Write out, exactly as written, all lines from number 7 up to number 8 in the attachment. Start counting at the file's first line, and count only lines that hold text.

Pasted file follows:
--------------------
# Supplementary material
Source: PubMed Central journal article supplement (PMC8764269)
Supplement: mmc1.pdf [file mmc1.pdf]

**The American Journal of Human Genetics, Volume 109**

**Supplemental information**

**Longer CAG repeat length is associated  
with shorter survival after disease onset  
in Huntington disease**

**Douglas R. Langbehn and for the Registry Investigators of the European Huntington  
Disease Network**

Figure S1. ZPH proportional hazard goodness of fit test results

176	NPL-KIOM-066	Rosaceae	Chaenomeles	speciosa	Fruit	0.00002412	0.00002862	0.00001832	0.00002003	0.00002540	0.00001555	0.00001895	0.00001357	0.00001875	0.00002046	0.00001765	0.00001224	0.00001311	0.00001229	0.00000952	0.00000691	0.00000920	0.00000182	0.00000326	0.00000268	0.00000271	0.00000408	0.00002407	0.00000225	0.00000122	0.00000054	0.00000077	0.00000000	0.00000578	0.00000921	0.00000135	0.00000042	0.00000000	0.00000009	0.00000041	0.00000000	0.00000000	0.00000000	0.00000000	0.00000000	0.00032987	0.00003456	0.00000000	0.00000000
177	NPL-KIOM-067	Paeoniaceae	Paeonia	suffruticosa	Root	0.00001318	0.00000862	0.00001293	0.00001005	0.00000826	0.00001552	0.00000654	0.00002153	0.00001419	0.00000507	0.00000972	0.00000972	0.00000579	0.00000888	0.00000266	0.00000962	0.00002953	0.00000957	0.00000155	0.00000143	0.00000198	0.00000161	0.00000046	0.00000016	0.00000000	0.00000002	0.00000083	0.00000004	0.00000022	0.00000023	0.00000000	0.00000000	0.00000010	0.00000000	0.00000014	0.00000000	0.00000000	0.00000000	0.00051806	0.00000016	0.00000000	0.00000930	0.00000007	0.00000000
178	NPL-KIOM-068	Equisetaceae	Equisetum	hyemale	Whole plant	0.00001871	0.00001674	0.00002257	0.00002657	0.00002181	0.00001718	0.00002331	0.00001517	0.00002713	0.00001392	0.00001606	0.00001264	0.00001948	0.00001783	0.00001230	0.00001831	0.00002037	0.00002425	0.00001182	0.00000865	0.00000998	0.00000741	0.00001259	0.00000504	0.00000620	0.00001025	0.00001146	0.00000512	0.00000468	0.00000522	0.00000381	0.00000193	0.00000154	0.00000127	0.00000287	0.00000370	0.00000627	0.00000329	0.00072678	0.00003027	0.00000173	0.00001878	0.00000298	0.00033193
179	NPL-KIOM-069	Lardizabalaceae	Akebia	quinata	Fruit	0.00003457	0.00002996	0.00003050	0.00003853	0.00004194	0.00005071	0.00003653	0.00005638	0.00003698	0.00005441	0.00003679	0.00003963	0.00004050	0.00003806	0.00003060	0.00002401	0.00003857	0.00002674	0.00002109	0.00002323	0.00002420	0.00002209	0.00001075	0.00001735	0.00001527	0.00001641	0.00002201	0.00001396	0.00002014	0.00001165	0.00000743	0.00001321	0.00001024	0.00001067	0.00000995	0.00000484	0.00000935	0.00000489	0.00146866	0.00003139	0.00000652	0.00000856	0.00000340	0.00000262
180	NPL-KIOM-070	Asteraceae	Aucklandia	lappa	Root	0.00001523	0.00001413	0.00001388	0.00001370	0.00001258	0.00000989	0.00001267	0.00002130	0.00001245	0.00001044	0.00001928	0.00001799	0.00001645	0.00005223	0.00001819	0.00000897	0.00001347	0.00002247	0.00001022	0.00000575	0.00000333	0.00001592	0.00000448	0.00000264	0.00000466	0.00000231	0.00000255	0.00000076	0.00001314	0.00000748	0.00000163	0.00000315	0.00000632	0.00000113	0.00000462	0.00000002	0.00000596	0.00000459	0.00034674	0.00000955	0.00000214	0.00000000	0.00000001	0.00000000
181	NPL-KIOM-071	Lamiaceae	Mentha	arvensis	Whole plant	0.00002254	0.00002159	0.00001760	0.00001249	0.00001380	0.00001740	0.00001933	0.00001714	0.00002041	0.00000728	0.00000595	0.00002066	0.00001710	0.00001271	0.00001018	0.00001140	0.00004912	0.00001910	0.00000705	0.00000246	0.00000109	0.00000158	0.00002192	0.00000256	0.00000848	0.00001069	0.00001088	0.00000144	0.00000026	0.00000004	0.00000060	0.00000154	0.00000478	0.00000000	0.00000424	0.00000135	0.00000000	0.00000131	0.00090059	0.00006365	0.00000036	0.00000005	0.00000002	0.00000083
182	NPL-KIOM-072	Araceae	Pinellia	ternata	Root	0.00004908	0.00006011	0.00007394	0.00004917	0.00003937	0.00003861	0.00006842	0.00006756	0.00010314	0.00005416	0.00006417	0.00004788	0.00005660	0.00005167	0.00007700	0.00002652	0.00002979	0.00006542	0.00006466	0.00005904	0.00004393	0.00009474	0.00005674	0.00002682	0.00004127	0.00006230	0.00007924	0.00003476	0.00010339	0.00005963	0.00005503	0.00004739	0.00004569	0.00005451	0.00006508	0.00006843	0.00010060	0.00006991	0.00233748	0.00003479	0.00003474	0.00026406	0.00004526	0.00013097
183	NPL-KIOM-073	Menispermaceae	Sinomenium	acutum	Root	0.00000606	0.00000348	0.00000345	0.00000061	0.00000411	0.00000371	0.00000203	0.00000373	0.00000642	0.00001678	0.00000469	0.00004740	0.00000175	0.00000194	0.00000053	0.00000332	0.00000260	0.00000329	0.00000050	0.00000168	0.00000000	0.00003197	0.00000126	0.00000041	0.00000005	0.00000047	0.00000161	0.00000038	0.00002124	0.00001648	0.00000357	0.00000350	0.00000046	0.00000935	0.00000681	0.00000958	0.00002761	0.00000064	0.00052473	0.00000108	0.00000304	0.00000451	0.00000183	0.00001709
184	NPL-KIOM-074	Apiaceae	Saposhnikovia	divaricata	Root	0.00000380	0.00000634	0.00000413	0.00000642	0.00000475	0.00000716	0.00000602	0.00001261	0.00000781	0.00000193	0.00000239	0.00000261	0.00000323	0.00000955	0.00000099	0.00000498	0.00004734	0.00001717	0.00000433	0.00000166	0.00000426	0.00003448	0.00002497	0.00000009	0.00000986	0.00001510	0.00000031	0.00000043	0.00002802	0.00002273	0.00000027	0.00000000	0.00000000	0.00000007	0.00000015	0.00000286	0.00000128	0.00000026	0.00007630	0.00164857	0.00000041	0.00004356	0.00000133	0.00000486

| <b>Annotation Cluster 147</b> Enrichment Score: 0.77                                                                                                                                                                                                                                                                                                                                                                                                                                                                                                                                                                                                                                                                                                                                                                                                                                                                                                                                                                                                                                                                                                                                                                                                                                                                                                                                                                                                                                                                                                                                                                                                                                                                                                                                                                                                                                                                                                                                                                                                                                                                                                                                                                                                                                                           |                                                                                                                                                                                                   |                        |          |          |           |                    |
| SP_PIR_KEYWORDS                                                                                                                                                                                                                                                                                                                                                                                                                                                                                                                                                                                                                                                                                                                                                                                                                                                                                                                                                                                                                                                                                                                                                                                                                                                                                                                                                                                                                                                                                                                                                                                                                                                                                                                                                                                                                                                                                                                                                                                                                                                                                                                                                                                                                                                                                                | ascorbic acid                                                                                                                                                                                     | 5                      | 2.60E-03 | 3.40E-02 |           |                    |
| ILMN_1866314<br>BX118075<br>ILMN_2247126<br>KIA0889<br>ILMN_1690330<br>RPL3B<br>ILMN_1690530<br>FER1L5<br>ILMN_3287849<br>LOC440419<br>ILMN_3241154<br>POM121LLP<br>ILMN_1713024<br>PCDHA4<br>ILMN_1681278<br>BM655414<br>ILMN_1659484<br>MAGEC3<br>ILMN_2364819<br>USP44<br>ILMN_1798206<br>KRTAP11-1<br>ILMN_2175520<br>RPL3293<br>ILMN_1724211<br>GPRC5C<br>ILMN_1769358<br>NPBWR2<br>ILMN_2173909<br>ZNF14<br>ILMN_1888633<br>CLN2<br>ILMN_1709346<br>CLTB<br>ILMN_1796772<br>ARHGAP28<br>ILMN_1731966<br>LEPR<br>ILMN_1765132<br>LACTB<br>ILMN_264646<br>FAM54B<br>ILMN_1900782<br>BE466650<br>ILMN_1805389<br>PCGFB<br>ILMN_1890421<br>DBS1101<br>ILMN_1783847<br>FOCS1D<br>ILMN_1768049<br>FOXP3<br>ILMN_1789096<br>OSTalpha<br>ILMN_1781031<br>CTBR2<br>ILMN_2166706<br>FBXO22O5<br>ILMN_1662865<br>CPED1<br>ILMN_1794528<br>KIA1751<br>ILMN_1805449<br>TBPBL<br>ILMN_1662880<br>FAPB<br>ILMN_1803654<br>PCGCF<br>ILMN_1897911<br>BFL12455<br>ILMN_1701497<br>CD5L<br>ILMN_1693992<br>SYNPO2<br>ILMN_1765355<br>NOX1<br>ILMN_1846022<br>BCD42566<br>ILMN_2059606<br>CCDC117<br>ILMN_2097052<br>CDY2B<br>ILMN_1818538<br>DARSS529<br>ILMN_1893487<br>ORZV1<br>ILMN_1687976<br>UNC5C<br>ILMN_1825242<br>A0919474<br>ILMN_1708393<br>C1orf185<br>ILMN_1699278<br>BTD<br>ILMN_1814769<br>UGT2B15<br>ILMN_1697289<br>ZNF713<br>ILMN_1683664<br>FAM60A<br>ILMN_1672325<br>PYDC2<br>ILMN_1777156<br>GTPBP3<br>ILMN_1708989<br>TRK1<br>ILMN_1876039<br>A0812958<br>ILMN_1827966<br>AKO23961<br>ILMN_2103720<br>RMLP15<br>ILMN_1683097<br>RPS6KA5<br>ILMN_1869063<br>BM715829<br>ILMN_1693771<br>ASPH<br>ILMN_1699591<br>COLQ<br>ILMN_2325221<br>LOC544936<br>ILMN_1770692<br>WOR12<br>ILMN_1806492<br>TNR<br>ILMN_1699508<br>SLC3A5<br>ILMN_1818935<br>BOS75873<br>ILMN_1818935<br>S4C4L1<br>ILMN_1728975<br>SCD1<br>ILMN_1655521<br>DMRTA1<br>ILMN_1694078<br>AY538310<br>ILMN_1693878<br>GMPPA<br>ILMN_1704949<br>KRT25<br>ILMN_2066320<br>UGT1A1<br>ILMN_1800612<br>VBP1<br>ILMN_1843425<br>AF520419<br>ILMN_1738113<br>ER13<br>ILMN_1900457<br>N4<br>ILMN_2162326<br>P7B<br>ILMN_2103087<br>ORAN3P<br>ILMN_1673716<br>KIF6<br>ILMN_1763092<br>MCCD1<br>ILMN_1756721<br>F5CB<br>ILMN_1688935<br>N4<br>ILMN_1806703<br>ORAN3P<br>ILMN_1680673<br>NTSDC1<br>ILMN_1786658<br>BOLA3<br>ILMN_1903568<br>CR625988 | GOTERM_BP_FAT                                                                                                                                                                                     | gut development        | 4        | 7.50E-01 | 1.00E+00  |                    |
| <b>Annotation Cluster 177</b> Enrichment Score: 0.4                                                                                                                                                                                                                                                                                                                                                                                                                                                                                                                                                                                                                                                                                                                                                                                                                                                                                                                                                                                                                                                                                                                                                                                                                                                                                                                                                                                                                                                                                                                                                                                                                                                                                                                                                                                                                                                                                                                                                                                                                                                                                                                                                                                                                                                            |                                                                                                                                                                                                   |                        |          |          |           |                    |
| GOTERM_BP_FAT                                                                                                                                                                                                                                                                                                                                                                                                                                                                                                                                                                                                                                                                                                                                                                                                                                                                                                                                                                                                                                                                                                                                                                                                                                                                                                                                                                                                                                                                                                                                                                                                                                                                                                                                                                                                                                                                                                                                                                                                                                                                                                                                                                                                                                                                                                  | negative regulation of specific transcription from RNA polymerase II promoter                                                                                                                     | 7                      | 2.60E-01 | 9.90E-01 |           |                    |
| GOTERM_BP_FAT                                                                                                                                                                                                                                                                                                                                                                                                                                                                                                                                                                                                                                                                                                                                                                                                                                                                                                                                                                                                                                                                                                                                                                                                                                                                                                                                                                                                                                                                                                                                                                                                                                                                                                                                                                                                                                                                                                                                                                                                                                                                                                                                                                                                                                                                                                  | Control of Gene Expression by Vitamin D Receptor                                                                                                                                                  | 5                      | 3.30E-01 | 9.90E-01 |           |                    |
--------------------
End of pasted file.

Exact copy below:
with shorter survival after disease onset  
in Huntington disease**